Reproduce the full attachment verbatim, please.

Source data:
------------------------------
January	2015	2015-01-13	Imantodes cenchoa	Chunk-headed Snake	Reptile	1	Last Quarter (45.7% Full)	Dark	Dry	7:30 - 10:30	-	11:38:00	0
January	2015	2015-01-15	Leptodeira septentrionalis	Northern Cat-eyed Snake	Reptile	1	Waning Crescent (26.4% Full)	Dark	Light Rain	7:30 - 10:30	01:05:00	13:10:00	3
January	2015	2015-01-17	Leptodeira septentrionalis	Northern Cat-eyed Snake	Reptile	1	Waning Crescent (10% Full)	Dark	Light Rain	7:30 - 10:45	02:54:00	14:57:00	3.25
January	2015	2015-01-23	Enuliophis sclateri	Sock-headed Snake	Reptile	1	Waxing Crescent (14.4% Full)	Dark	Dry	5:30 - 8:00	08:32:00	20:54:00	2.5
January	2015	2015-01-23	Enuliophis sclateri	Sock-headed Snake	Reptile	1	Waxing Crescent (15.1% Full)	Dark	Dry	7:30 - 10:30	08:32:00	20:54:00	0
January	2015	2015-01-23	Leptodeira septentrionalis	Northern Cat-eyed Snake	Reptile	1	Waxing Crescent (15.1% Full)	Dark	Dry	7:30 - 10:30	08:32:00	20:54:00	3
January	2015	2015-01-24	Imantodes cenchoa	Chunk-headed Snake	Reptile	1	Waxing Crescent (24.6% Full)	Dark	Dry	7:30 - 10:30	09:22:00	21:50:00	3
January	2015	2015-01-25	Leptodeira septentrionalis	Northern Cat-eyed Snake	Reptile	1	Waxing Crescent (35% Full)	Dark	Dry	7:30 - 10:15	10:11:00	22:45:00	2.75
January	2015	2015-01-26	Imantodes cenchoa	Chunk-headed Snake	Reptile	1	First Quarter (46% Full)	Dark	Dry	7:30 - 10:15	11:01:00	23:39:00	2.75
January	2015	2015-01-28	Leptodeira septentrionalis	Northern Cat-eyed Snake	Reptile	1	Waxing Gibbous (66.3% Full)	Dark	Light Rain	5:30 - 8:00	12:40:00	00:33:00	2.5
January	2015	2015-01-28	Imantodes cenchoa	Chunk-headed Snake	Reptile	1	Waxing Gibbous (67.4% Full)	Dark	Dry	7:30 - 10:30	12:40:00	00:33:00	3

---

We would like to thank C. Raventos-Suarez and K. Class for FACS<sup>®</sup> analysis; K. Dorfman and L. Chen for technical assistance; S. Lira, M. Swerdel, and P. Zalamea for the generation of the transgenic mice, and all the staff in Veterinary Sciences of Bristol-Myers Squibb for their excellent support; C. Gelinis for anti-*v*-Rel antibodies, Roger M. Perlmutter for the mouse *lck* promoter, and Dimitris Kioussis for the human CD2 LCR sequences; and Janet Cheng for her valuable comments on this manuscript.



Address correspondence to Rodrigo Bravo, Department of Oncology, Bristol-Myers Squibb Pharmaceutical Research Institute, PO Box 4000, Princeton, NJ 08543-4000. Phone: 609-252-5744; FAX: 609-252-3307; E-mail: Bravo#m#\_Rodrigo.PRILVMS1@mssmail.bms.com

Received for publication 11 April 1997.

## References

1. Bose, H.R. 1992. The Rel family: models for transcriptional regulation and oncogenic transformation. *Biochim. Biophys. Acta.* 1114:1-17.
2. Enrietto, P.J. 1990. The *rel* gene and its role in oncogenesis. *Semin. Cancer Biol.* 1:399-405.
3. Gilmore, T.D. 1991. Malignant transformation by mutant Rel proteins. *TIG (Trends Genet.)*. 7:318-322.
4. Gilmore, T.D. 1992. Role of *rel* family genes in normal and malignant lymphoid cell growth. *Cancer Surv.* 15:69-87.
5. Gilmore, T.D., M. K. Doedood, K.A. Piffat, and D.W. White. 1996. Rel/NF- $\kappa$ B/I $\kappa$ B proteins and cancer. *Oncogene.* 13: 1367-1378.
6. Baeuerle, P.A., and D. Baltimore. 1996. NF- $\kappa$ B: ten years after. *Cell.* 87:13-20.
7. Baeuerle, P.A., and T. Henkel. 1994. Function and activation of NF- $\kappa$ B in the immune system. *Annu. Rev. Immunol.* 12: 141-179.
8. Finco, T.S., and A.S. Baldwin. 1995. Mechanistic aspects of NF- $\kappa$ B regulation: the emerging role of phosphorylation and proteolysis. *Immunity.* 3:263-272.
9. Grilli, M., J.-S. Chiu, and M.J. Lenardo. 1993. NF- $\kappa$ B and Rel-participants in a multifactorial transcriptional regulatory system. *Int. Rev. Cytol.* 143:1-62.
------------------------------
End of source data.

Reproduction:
January	2015	2015-01-13	Imantodes cenchoa	Chunk-headed Snake	Reptile	1	Last Quarter (45.7% Full)	Dark	Dry	7:30 - 10:30	-	11:38:00	0
January	2015	2015-01-15	Leptodeira septentrionalis	Northern Cat-eyed Snake	Reptile	1	Waning Crescent (26.4% Full)	Dark	Light Rain	7:30 - 10:30	01:05:00	13:10:00	3
January	2015	2015-01-17	Leptodeira septentrionalis	Northern Cat-eyed Snake	Reptile	1	Waning Crescent (10% Full)	Dark	Light Rain	7:30 - 10:45	02:54:00	14:57:00	3.25
January	2015	2015-01-23	Enuliophis sclateri	Sock-headed Snake	Reptile	1	Waxing Crescent (14.4% Full)	Dark	Dry	5:30 - 8:00	08:32:00	20:54:00	2.5
January	2015	2015-01-23	Enuliophis sclateri	Sock-headed Snake	Reptile	1	Waxing Crescent (15.1% Full)	Dark	Dry	7:30 - 10:30	08:32:00	20:54:00	0
January	2015	2015-01-23	Leptodeira septentrionalis	Northern Cat-eyed Snake	Reptile	1	Waxing Crescent (15.1% Full)	Dark	Dry	7:30 - 10:30	08:32:00	20:54:00	3
January	2015	2015-01-24	Imantodes cenchoa	Chunk-headed Snake	Reptile	1	Waxing Crescent (24.6% Full)	Dark	Dry	7:30 - 10:30	09:22:00	21:50:00	3
January	2015	2015-01-25	Leptodeira septentrionalis	Northern Cat-eyed Snake	Reptile	1	Waxing Crescent (35% Full)	Dark	Dry	7:30 - 10:15	10:11:00	22:45:00	2.75
January	2015	2015-01-26	Imantodes cenchoa	Chunk-headed Snake	Reptile	1	First Quarter (46% Full)	Dark	Dry	7:30 - 10:15	11:01:00	23:39:00	2.75
January	2015	2015-01-28	Leptodeira septentrionalis	Northern Cat-eyed Snake	Reptile	1	Waxing Gibbous (66.3% Full)	Dark	Light Rain	5:30 - 8:00	12:40:00	00:33:00	2.5
January	2015	2015-01-28	Imantodes cenchoa	Chunk-headed Snake	Reptile	1	Waxing Gibbous (67.4% Full)	Dark	Dry	7:30 - 10:30	12:40:00	00:33:00	3

---

We would like to thank C. Raventos-Suarez and K. Class for FACS<sup>®</sup> analysis; K. Dorfman and L. Chen for technical assistance; S. Lira, M. Swerdel, and P. Zalamea for the generation of the transgenic mice, and all the staff in Veterinary Sciences of Bristol-Myers Squibb for their excellent support; C. Gelinis for anti-*v*-Rel antibodies, Roger M. Perlmutter for the mouse *lck* promoter, and Dimitris Kioussis for the human CD2 LCR sequences; and Janet Cheng for her valuable comments on this manuscript.



Address correspondence to Rodrigo Bravo, Department of Oncology, Bristol-Myers Squibb Pharmaceutical Research Institute, PO Box 4000, Princeton, NJ 08543-4000. Phone: 609-252-5744; FAX: 609-252-3307; E-mail: Bravo#m#\_Rodrigo.PRILVMS1@mssmail.bms.com

Received for publication 11 April 1997.

## References

1. Bose, H.R. 1992. The Rel family: models for transcriptional regulation and oncogenic transformation. *Biochim. Biophys. Acta.* 1114:1-17.
2. Enrietto, P.J. 1990. The *rel* gene and its role in oncogenesis. *Semin. Cancer Biol.* 1:399-405.
3. Gilmore, T.D. 1991. Malignant transformation by mutant Rel proteins. *TIG (Trends Genet.)*. 7:318-322.
4. Gilmore, T.D. 1992. Role of *rel* family genes in normal and malignant lymphoid cell growth. *Cancer Surv.* 15:69-87.
5. Gilmore, T.D., M. K. Doedood, K.A. Piffat, and D.W. White. 1996. Rel/NF- $\kappa$ B/I $\kappa$ B proteins and cancer. *Oncogene.* 13: 1367-1378.
6. Baeuerle, P.A., and D. Baltimore. 1996. NF- $\kappa$ B: ten years after. *Cell.* 87:13-20.
7. Baeuerle, P.A., and T. Henkel. 1994. Function and activation of NF- $\kappa$ B in the immune system. *Annu. Rev. Immunol.* 12: 141-179.
8. Finco, T.S., and A.S. Baldwin. 1995. Mechanistic aspects of NF- $\kappa$ B regulation: the emerging role of phosphorylation and proteolysis. *Immunity.* 3:263-272.
9. Grilli, M., J.-S. Chiu, and M.J. Lenardo. 1993. NF- $\kappa$ B and Rel-participants in a multifactorial transcriptional regulatory system. *Int. Rev. Cytol.* 143:1-62.